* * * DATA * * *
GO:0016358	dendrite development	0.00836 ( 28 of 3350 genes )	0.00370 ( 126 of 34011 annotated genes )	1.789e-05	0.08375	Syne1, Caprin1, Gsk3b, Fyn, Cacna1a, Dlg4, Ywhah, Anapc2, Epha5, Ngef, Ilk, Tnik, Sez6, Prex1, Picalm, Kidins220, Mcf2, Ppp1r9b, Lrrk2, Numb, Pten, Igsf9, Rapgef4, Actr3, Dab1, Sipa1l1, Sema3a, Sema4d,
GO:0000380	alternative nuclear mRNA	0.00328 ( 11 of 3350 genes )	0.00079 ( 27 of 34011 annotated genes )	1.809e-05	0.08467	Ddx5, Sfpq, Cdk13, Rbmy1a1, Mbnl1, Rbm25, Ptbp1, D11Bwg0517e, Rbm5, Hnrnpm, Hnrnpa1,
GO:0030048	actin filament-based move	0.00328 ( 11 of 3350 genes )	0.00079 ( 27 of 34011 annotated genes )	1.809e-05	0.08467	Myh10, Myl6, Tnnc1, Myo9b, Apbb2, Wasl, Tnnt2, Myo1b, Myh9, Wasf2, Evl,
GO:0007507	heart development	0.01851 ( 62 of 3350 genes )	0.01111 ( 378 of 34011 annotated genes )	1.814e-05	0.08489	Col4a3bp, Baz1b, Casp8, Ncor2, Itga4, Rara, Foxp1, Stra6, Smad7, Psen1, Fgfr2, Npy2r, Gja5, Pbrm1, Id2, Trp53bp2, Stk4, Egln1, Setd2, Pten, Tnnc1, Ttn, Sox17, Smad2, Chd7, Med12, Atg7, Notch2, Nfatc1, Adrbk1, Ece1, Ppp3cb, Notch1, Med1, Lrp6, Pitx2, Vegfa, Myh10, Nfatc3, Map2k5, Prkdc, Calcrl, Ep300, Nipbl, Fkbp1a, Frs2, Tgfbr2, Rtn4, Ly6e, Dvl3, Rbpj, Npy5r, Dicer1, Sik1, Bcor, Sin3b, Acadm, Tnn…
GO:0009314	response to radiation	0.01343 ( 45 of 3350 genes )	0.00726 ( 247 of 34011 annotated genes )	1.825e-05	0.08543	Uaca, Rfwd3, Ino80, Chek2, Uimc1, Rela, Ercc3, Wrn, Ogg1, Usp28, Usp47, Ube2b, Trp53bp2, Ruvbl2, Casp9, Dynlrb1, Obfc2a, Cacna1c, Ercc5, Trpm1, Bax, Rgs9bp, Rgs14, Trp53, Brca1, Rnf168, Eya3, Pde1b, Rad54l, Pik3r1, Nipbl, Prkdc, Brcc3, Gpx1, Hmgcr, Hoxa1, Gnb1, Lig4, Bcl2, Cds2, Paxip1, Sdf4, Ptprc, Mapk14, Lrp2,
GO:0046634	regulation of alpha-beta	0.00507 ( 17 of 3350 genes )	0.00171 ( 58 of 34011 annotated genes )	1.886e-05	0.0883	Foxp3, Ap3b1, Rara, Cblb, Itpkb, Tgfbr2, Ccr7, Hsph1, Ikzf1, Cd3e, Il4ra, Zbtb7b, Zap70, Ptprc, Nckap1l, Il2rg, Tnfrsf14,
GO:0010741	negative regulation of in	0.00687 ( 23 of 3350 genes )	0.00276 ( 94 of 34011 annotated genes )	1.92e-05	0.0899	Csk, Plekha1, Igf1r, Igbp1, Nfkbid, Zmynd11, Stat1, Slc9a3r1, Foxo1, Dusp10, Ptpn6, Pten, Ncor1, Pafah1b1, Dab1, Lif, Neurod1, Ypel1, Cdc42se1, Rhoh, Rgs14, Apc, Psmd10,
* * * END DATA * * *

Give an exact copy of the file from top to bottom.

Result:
GO:0016358	dendrite development	0.00836 ( 28 of 3350 genes )	0.00370 ( 126 of 34011 annotated genes )	1.789e-05	0.08375	Syne1, Caprin1, Gsk3b, Fyn, Cacna1a, Dlg4, Ywhah, Anapc2, Epha5, Ngef, Ilk, Tnik, Sez6, Prex1, Picalm, Kidins220, Mcf2, Ppp1r9b, Lrrk2, Numb, Pten, Igsf9, Rapgef4, Actr3, Dab1, Sipa1l1, Sema3a, Sema4d,
GO:0000380	alternative nuclear mRNA	0.00328 ( 11 of 3350 genes )	0.00079 ( 27 of 34011 annotated genes )	1.809e-05	0.08467	Ddx5, Sfpq, Cdk13, Rbmy1a1, Mbnl1, Rbm25, Ptbp1, D11Bwg0517e, Rbm5, Hnrnpm, Hnrnpa1,
GO:0030048	actin filament-based move	0.00328 ( 11 of 3350 genes )	0.00079 ( 27 of 34011 annotated genes )	1.809e-05	0.08467	Myh10, Myl6, Tnnc1, Myo9b, Apbb2, Wasl, Tnnt2, Myo1b, Myh9, Wasf2, Evl,
GO:0007507	heart development	0.01851 ( 62 of 3350 genes )	0.01111 ( 378 of 34011 annotated genes )	1.814e-05	0.08489	Col4a3bp, Baz1b, Casp8, Ncor2, Itga4, Rara, Foxp1, Stra6, Smad7, Psen1, Fgfr2, Npy2r, Gja5, Pbrm1, Id2, Trp53bp2, Stk4, Egln1, Setd2, Pten, Tnnc1, Ttn, Sox17, Smad2, Chd7, Med12, Atg7, Notch2, Nfatc1, Adrbk1, Ece1, Ppp3cb, Notch1, Med1, Lrp6, Pitx2, Vegfa, Myh10, Nfatc3, Map2k5, Prkdc, Calcrl, Ep300, Nipbl, Fkbp1a, Frs2, Tgfbr2, Rtn4, Ly6e, Dvl3, Rbpj, Npy5r, Dicer1, Sik1, Bcor, Sin3b, Acadm, Tnn…
GO:0009314	response to radiation	0.01343 ( 45 of 3350 genes )	0.00726 ( 247 of 34011 annotated genes )	1.825e-05	0.08543	Uaca, Rfwd3, Ino80, Chek2, Uimc1, Rela, Ercc3, Wrn, Ogg1, Usp28, Usp47, Ube2b, Trp53bp2, Ruvbl2, Casp9, Dynlrb1, Obfc2a, Cacna1c, Ercc5, Trpm1, Bax, Rgs9bp, Rgs14, Trp53, Brca1, Rnf168, Eya3, Pde1b, Rad54l, Pik3r1, Nipbl, Prkdc, Brcc3, Gpx1, Hmgcr, Hoxa1, Gnb1, Lig4, Bcl2, Cds2, Paxip1, Sdf4, Ptprc, Mapk14, Lrp2,
GO:0046634	regulation of alpha-beta	0.00507 ( 17 of 3350 genes )	0.00171 ( 58 of 34011 annotated genes )	1.886e-05	0.0883	Foxp3, Ap3b1, Rara, Cblb, Itpkb, Tgfbr2, Ccr7, Hsph1, Ikzf1, Cd3e, Il4ra, Zbtb7b, Zap70, Ptprc, Nckap1l, Il2rg, Tnfrsf14,
GO:0010741	negative regulation of in	0.00687 ( 23 of 3350 genes )	0.00276 ( 94 of 34011 annotated genes )	1.92e-05	0.0899	Csk, Plekha1, Igf1r, Igbp1, Nfkbid, Zmynd11, Stat1, Slc9a3r1, Foxo1, Dusp10, Ptpn6, Pten, Ncor1, Pafah1b1, Dab1, Lif, Neurod1, Ypel1, Cdc42se1, Rhoh, Rgs14, Apc, Psmd10,